clock menu more-arrow no yes

Filed under:

Cube and Star: an Arbitrary Love is ‘joyful, colorful confusion’

New, 1 comment

E3 is the place to go for big, loud, bombastic games. Games played on screens the size of soccer fields. Glitz and glamor and cardboard houses and all the money a publisher can throw at their biggest franchises.

Cube and Star: an Arbitrary Love is the opposite of that. A tiny game made by the husband and wife team Doppler Interactive, it's a colorful, quirky exploration game that was made as a romantic present from Joshua to Jessica.

"The way Joshua told me he had made the game for me was pretty funny," Jessica Ellis told me in an email. "Early in development I was play-testing it and I commented that I'd been playing for ages without even realizing it and I was really enjoying it and Joshua said something to the effect of 'oh good... I made it for you'"

"I've put in 100-plus hours of testing and I still get joy from playing the game, so he really has made a game for me."

In the game, players control a cube rolling around on a giant sphere full of curious objects to interact with. I was able to get hands-on time at The Indie Mix event, just outside of E3 on Tuesday evening. Jessica handed me the controller and off I went, exploring an abstract world of geometric shapes and colors. The world is a mystery, and interacting with it is the only way to figure out what you can or cannot do.

I bumped into tiny pyramids, all of whom had dialogue snippets. Bumping into trees let me color a trail behind me. And interacting with black cubes kept them from destroying color — coloring parts of the world for me.

Joshua McGrath made the game as a metaphor for the complexities and mysteries of the world around us.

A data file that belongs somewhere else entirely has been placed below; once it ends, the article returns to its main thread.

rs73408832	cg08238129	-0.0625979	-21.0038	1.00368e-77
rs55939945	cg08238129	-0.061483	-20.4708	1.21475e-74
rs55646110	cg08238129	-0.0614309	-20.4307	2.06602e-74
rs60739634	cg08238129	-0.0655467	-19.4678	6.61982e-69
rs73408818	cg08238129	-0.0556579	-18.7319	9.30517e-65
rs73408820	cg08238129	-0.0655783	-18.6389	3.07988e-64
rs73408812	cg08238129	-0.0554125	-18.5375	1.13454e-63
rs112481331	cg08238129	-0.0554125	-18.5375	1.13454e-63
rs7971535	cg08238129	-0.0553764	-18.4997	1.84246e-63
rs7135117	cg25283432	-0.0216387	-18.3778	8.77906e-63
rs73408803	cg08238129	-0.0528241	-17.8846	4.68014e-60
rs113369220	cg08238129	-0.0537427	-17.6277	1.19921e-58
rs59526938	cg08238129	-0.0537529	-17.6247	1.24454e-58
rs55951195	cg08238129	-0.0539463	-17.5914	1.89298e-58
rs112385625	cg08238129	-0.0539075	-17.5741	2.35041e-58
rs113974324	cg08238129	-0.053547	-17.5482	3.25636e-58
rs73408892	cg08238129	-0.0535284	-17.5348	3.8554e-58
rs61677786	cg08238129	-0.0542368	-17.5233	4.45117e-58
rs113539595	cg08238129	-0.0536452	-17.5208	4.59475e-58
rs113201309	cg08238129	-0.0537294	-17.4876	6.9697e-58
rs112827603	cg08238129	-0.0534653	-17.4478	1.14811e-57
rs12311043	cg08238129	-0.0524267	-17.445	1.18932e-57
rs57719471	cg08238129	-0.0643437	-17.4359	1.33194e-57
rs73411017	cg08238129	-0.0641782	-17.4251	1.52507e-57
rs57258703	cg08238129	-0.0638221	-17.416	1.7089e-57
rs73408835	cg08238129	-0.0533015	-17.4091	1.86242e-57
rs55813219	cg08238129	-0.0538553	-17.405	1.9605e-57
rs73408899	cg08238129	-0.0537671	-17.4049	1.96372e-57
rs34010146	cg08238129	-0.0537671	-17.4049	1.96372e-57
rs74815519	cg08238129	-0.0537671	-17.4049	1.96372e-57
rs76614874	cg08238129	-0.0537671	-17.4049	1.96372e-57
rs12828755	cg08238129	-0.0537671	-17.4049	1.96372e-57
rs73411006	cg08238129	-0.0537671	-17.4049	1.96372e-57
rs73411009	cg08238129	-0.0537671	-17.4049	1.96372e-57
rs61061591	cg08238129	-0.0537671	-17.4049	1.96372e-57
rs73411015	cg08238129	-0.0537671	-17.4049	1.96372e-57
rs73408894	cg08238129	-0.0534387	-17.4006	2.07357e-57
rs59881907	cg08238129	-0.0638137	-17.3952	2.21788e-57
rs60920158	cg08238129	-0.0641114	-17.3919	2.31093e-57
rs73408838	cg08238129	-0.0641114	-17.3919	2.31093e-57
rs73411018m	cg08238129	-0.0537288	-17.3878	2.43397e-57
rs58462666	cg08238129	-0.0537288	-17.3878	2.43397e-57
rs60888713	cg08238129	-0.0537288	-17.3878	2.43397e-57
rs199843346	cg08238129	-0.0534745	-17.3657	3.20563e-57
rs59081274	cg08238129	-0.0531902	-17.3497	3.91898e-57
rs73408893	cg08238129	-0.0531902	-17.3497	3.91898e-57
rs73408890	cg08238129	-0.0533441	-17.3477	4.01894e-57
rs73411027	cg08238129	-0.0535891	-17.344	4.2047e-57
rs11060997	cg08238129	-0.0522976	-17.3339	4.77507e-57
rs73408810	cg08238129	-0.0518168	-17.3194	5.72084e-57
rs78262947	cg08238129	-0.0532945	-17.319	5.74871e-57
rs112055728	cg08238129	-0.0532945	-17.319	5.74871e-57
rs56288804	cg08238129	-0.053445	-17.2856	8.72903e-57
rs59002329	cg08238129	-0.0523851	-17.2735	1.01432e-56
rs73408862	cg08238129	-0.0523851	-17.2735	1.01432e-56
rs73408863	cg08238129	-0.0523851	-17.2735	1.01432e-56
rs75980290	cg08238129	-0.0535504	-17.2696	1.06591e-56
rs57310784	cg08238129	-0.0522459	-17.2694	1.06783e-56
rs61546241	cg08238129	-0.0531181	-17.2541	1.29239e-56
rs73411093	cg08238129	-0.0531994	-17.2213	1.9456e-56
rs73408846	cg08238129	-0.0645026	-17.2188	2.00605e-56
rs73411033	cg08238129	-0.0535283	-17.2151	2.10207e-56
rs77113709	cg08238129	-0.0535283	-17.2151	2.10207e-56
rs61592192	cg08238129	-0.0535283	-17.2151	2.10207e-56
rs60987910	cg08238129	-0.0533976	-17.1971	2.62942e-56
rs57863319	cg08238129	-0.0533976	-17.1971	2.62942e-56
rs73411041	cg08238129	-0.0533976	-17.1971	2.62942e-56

"Life is confusing," he said. "The world is chaotic. We have very little control over the systems around us. But... we can still make arbitrary goals and try to find a little happiness in that. And maybe down the line... we will have spread a little joy, and made the world a more colorful place."

"That's the big message behind the game. The entire thing is a super, super abstract metaphor: Every creature you speak to is an analogy for a personality type from real life."

That plays out in the game. It felt a little like Proteus — the joy of playing around in a very pretty, mysterious little sandbox was apparent immediately. I found myself actually getting excited when I encountered a new kind of object, or learned a new rule in the world.

McGrath stated that he wants players to experience a wide variety of emotions while playing Cube and Star: "Confusion. Joyful, colorful confusion. Maybe bewilderment. Possibly a vague gnawing anger," he said. "I wanted to stir the same emotional evolution we experience in life."

The game is available now on Steam and coming soon to Wii U.